Budget cuts could force a Missouri school to close midway through the academic year, leaving students with half-earned credits scrambling to complete their education.
Some students, just a few credits shy of graduation, could wind up as high school dropouts. Others, struggling with cancer, could miss their only chance to earn a degree.
The school in question is the Missouri Virtual Instruction Program, which offers Internet-based courses for everyone from kindergartners to high school seniors. The online public school began just three years ago and already has served a couple thousand students.
About half the children are taking courses to supplement their education in traditional public or private school classrooms. For the other half, the online school is their only school.
Gov. Jay Nixon announced last week that he was halting state funding for the online school’s second semester as part of $204 million in budget cuts caused by declining state revenues.
The Democratic governor said students still could continue their courses if parents or local school districts paid the cost. But that’s a big “if,” considering many schools and families already are financially strapped because of the recent recession.
“What the governor has done is basically kicked those kids out of their school and removed the opportunity for them to take those classes,” said Brian Baker, a Cass County commissioner who wrote the virtual schools law as a Republican state legislator in 2006.
Missouri was in the middle of the pack nationally when lawmakers voted to create the publicly funded online school. Now 35 states have state-led virtual schools or online programs, according to the International Association for K-12 Online Learning.
In Missouri, demand for the online courses has exceeded the supply of money from the state.
The online school grew from a $5.2 million program with more than 2,000 students in the 2007-2008 academic year to a $5.8 million program with about 2,500 students in its second year, according to the state Department of Elementary and Secondary Education.
Because of budget troubles, lawmakers already had scaled back the virtual school this year to a $4.8 million program serving 1,600 kids who enrolled on a first-come, first-serve basis. About 2,000 were turned away when the free slots filled up. A small percentage of them enrolled anyway after their parents or local school districts paid $325 per course, said Monica Beglau, executive director of the eMINTS National Center, a nonprofit business unit of the University of Missouri that runs the online school.
A majority of Missouri’s online students are in high school, and many need just a couple course credits to graduate, Beglau said.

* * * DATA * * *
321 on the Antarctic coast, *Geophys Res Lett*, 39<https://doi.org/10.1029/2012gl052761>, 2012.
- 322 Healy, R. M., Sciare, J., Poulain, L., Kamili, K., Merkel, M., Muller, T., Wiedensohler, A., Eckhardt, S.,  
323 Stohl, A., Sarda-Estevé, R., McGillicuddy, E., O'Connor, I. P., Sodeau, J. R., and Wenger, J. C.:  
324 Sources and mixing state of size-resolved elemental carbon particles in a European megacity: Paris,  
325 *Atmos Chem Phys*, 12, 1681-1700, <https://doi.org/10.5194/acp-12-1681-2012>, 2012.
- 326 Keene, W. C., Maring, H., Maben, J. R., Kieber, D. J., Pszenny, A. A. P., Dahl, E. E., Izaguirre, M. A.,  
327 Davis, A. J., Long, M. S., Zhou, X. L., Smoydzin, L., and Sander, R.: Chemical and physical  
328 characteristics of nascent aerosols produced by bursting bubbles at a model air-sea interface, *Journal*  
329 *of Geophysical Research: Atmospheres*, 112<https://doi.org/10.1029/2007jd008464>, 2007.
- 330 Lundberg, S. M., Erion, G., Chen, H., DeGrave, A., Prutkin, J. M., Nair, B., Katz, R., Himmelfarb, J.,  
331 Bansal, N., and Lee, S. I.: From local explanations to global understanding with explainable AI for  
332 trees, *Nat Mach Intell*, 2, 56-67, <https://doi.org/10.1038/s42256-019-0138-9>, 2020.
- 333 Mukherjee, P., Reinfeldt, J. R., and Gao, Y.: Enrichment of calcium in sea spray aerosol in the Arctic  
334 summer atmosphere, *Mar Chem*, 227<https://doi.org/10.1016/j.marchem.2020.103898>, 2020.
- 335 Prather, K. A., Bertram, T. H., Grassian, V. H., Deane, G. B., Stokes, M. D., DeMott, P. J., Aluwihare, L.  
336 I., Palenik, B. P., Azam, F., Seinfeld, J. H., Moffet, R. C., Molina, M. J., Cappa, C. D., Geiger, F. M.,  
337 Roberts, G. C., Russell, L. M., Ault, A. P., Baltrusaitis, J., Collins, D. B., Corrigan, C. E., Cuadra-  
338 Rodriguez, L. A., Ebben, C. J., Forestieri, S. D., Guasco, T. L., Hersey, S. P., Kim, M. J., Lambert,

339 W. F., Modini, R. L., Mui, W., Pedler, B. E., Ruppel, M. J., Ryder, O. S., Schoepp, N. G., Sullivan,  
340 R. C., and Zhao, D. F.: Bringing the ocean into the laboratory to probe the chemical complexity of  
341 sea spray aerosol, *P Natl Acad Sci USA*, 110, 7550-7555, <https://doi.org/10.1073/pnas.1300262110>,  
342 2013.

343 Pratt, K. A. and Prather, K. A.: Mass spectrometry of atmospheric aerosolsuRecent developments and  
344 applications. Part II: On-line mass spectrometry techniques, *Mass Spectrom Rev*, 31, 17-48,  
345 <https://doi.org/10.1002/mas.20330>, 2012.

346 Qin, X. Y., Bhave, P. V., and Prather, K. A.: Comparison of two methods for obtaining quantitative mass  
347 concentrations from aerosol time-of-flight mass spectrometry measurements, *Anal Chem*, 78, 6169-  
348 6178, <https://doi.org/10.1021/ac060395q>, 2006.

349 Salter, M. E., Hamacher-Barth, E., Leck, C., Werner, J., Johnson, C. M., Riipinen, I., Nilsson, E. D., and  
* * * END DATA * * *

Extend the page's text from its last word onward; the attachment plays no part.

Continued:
Because of the budget cuts, “we have kids right now who are saying if I can’t get the second semester, I’m going to just drop out and quit now,” Beglau said.
Other students are taking online courses at home because they are undergoing chemotherapy treatment for cancer, and crowded classrooms would pose a hazard for their weakened immune systems, Beglau said. Now their parents will have to make a choice — send their children to school and risk their health, or keep their children at home and deny their dreams of earning diplomas, she said.
“If I’m a parent with a sick kid, do you think I have a lot of expendable cash to pay tuition?” Beglau rhetorically asked, her voice cracking with emotion.
It may be equally unrealistic to expect local school districts to pay the bill for every student in their geographic areas who wants to take an online course.
“Districts are obviously in very difficult financial times, and it may get worse before it gets better,” said Brent Ghan, a spokesman for the Missouri School Boards’ Association. “It would be a challenge for most districts to take on additional expenditures at this time, though some might be willing to do it.”
If neither parents nor school districts can afford it, Missouri’s online school may have to shut down in January, Beglau said. If so, the school’s 48 teachers and seven administrative and technical staff members could lose their jobs.
Nixon spokesman Scott Holste said the governor supports the online school but had to make tough choices to balance the state budget. The virtual school is funded with revenues from the Missouri Lottery, which now are projected to fall about $40 million short of the $290 million anticipated when the budget passed, he said.
“The realities of the budget are what’s driving this,” Holste said.
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